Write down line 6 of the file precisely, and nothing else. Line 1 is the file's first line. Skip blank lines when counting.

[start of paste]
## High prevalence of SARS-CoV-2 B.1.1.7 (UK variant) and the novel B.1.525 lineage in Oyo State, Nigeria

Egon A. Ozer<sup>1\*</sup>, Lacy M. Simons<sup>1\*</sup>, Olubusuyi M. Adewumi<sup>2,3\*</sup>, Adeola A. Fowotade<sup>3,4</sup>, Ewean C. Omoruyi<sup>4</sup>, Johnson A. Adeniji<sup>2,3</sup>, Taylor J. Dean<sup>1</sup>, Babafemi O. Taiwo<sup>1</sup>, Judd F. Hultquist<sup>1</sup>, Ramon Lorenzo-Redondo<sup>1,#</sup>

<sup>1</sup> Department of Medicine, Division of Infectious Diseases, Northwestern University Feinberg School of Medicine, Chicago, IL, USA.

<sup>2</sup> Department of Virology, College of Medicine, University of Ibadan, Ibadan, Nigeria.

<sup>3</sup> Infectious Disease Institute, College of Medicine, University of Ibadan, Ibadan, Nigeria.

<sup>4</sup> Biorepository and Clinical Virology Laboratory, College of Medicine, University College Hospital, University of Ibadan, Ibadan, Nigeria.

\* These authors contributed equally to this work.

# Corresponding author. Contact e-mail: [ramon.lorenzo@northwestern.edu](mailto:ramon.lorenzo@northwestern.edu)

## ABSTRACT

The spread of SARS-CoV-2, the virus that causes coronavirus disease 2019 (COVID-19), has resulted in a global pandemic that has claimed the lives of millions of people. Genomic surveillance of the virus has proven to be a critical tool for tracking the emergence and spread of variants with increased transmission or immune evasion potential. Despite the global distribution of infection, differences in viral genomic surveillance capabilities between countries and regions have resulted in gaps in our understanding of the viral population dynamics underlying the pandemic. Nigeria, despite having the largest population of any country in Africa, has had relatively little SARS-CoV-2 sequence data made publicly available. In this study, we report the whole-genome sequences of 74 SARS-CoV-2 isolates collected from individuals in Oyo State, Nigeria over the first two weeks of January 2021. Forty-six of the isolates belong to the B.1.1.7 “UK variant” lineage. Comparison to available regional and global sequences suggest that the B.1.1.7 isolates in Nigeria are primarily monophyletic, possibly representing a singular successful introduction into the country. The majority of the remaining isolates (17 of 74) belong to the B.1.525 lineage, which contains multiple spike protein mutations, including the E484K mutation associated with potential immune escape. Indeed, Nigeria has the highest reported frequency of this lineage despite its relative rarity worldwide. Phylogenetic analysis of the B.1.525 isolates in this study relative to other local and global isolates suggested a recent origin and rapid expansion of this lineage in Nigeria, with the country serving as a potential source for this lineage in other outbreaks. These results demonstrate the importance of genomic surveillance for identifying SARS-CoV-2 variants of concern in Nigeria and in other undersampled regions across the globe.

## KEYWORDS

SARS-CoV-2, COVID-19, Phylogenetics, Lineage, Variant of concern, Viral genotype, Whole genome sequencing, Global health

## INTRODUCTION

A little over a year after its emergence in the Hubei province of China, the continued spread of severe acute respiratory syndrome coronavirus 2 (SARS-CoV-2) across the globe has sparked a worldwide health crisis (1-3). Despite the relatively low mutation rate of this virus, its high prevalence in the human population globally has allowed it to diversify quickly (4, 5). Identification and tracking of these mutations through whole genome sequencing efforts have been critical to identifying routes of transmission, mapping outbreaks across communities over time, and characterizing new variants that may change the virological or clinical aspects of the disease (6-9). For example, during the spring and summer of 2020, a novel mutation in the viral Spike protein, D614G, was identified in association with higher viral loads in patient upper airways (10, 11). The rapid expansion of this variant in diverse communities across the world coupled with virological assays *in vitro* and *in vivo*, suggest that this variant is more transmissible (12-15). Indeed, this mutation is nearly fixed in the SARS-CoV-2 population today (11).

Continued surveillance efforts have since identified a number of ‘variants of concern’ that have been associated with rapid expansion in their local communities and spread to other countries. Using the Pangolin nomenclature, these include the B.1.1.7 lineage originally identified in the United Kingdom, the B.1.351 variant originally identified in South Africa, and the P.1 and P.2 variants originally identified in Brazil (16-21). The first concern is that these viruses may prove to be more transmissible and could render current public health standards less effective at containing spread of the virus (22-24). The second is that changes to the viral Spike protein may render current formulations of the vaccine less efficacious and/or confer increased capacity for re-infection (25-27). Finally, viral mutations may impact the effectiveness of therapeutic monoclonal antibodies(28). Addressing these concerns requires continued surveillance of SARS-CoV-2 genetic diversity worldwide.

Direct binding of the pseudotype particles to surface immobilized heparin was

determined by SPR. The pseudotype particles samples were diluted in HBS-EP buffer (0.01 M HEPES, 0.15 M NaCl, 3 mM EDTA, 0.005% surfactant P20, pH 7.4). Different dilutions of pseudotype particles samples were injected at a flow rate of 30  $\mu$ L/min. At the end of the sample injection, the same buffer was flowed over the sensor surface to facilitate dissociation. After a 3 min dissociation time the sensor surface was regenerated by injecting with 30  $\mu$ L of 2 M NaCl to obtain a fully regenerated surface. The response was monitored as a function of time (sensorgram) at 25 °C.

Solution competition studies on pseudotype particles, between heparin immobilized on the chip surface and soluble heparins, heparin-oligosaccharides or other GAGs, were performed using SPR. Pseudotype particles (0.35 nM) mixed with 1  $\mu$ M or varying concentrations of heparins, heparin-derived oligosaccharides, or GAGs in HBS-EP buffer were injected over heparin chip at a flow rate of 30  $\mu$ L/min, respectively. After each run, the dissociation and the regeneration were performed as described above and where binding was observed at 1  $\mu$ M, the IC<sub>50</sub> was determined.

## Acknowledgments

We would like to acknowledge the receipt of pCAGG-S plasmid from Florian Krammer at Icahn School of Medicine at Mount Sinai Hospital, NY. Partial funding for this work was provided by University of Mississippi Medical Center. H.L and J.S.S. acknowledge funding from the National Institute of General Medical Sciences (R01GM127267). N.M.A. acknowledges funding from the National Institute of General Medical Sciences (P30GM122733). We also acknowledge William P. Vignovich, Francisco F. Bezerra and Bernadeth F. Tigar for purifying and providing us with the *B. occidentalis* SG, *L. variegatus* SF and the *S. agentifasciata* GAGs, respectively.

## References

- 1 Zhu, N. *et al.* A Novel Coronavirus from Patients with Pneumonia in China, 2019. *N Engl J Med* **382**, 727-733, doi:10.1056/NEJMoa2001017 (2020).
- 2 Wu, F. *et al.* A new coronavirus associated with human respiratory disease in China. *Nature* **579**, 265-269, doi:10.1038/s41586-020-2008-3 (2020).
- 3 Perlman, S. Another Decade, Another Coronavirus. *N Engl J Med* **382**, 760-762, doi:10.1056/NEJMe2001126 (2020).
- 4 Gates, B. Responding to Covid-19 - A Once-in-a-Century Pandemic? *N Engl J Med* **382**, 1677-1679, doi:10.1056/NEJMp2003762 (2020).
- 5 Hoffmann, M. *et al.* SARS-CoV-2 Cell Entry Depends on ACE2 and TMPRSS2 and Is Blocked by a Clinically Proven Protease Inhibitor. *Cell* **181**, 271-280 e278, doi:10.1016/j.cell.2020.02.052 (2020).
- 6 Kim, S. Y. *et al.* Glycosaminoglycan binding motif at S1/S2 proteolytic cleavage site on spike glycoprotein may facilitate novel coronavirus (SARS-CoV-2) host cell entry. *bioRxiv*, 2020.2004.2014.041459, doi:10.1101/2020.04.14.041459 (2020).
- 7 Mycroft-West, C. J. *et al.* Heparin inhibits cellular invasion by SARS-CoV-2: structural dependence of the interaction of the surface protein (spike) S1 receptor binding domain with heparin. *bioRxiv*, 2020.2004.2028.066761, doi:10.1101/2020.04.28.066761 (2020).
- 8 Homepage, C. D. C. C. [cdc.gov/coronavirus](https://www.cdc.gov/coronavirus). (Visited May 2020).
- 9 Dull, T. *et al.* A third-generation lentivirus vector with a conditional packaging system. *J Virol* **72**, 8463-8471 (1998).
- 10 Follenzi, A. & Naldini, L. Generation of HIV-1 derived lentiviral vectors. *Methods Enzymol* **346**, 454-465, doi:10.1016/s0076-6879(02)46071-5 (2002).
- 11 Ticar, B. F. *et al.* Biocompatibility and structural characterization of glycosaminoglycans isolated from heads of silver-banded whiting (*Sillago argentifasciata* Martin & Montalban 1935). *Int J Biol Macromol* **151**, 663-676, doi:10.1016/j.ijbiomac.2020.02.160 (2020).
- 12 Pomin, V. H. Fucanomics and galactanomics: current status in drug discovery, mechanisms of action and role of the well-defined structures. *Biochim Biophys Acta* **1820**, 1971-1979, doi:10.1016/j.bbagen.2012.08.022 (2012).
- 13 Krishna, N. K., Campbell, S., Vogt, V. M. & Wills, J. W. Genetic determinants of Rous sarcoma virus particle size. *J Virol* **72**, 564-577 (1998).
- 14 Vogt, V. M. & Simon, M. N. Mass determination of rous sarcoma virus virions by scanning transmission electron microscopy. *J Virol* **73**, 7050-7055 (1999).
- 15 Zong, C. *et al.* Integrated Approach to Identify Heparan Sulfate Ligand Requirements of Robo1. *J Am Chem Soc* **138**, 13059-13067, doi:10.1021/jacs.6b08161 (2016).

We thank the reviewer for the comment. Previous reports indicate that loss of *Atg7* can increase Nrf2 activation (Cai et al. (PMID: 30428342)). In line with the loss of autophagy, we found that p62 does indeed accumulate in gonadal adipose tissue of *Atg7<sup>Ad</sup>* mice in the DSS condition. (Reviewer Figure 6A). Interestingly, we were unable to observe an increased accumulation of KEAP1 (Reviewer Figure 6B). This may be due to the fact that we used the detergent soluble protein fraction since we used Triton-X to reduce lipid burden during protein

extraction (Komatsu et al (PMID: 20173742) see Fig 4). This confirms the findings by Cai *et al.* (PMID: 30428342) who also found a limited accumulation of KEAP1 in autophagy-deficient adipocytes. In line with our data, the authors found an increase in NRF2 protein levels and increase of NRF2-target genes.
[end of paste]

<sup>4</sup> Biorepository and Clinical Virology Laboratory, College of Medicine, University College Hospital, University of Ibadan, Ibadan, Nigeria.